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Olympics: Anime character to bring huge profits to Tokyo
   2017-02-10 09:35:44    CRIENGLISH.com      Web Editor: Liang Tao

By Liang Tao

The 2020 Tokyo Olympic Committee has announced that Son Goku, an iconic anime character from Dragonball Z, will serve as one of its brand ambassadors. However, unlike his Chinese namesake, this Son Goku is not the Monkey King from Chinese masterpiece Journey to the West, but a home grown Japanese cult anime protagonist.

It looks like Son Goku has a new job that even his "father", Akira Toriyama, would be pround of. The Dragonball legend has vanquished all his rivals in the world of anime, and has been given a rather lofty honor by the government, becoming an ambassodorial image for the upcoming 2020 Tokyo Olympics. Tokyo is the first Asian city to host a summer Olympic Games twice in its history, joining the ranks of Paris, London, Los Angeles and Athens.

When the news was released online, it caused a storm of protest among Chinese netizens. They said the Monkey King in Journey to the West was clearly the prototype for Son Goku in Dragonball. Both are monkeys. They have the same weapons(sticks) and flying tools (Somersault clouds). But after the UNESCO upheld South Korean government's claim that the Duanwu Festival originated in Seoul, are we about to see the Monkey King stolen by Japan.

But in reality, Son Goku in Dragonball is totally different from the Monkey King in Chinese traditional culture.

Japan has chosen anime characters as ambassadors for the Olympic image, hoping to reap huge business opportunities in global market.

First and foremost, Japan boasts a world-renowned anime industry. At present, Japan is the world's largest exporter of animation works, accounting for 60% of the international market, with the market share in Europe and the United States surpassing 80%. In addition, about 60% of the world's animation programs are produced in Japan while nearly 70 countries around the globe show Japanese TV animation, with 40 countries releasing their animated films. Therefore, a large number of Japanese anime characters have become stars in the hearts of a global audience. No wonder the Tokyo Olympic Organizing Committee spokesman Onokazu said: "Japanese animation has now become a global phenomenon, as a cultural display it is a very natural choice."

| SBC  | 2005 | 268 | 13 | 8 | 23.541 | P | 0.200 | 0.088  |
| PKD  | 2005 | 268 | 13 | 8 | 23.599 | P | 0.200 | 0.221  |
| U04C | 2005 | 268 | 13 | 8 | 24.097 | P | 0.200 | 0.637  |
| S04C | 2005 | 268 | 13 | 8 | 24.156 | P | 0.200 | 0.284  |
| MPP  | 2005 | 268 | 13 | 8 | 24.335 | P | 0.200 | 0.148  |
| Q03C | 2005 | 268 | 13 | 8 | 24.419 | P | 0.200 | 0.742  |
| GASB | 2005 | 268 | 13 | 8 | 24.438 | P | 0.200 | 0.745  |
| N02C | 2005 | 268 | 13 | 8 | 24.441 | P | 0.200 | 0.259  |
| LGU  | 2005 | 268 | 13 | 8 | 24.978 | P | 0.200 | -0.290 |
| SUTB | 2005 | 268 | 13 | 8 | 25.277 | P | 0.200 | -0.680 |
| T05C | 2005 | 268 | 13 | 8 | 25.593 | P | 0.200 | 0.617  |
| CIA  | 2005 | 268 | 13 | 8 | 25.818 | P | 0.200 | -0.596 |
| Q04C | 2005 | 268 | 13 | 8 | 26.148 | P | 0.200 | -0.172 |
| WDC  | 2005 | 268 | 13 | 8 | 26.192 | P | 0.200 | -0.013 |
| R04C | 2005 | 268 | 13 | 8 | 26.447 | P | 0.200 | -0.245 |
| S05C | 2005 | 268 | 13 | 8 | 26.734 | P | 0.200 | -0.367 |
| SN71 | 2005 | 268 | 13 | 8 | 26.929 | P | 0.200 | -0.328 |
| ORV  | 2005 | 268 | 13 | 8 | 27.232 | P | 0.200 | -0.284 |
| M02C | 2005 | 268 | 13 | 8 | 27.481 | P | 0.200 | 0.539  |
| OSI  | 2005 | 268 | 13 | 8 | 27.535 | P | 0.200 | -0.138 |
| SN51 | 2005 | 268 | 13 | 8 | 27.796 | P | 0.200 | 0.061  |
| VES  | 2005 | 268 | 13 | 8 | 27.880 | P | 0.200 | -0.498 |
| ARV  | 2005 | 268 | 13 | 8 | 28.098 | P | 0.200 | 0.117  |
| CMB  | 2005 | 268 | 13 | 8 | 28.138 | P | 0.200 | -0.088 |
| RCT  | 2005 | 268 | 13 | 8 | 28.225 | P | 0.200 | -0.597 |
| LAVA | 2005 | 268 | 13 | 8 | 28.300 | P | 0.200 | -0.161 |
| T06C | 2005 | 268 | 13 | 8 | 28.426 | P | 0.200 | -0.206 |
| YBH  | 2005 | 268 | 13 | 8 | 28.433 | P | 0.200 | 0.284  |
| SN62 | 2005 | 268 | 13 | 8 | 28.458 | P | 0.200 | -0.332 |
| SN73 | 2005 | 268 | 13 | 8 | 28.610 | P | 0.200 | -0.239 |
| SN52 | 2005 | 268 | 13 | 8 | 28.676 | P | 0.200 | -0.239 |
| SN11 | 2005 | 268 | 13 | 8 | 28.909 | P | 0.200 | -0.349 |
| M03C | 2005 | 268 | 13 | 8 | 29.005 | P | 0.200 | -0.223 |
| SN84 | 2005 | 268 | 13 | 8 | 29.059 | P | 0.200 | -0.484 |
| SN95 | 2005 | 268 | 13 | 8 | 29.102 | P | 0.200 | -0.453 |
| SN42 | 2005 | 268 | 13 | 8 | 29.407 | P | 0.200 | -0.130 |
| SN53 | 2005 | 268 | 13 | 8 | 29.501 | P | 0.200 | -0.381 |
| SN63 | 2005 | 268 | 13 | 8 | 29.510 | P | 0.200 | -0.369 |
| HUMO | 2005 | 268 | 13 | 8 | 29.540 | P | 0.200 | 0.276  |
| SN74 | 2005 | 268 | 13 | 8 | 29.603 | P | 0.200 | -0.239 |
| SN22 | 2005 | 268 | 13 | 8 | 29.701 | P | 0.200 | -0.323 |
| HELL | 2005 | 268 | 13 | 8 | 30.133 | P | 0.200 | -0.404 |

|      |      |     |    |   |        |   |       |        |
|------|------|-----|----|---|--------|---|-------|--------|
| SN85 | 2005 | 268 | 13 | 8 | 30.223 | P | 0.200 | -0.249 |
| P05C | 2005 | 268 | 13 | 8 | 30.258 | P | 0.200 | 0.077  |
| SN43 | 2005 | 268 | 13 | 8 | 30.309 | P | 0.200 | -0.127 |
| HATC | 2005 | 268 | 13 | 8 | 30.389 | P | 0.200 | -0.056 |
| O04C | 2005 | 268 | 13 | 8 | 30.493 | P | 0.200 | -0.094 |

Many of you may remember the closing ceremony of the Rio Olympics last year when Japanese PM Shinzo Abe dressed himself as Super Mario, a popular video game character, signalling how his country was going to promote and celebrate its rich influence on anime culture when they host the Games in 2020.

The Olympics need to attract new and younger audiences. Animation is Japan's most important and unparalleled business card and boasts a large variety of fans in the world. Animation culture will rightly inject fresh blood into the Tokyo Olympic Games, which is the best means to promote its unique cultural influence throughout the world.

Furthermore, the classic comic series Dragonball evokes nostalgia among anime fans who were born in the 1970s, 1980s and 1990s. These three generations are now playing a crucial role in the international sports arena.  Sporting cultural ambassadors are expected to cheer on athletes, and spur them on to greatness.

Moreover, the integration of the animation industry and sports industry can bring huge profits to the latter.

The latest data show that animation is the second largest industry in Japan after automobiles, with an annual turnover of 230 trillion yen, or 2 trillion USD. For example, the total revenue of Japanese cartoon-related products sold in the United States is four times its entire steel exports to the US.  The starting point for Japan's anime industry commercial chain is comics.

Serial comic works, released as comic magazines, will gradually be adapted for TV, silver screen and other integrated media forms such as video animation and phone games. Then, in the light of market reaction, a large variety of derivatives ranging from T-shirts to dolls will be further developed. Therefore, the anime industry, a complete integration of animation, comics and games, is mature and can yield fabulous profits. To integrate with such a profitable industry, Tokyo 2020 can easily get a big boost and achieve a win-win result.     

It is reported that the Saiyan fighter Son Goku along with a slew of other famous anime characters including Astro Boy and Sailor Moon have made their appearance on Tokyo Olympics merchandises. These licensed products include T-shirts, caps, towels, key rings, mugs, shopping bags and so on. Of these goods, an ordinary T-shirt is priced at 4298 yen, or about 35 USD.

On one hand, the promotion of the Tokyo Olympics in such a way is to harness the enthusiasm for anime, and boost general public participation. On the other hand, the commercial development of the Tokyo Olympics carried out so far ahead of time, will hopefully reap rewards and create 'memory-recalled' ambassadors.

Last but not least, the iconic anime hero has become known for his insatiable desire to fight, unbending willingness in any struggle and positive attitude toward everything, which are highly consistent with the Olympic slogan, "higher, faster and stronger".

The Olympic Games is the best chance for the whole world to understand Japan's influential anime culture, which can easily bridge people with different cultural background.



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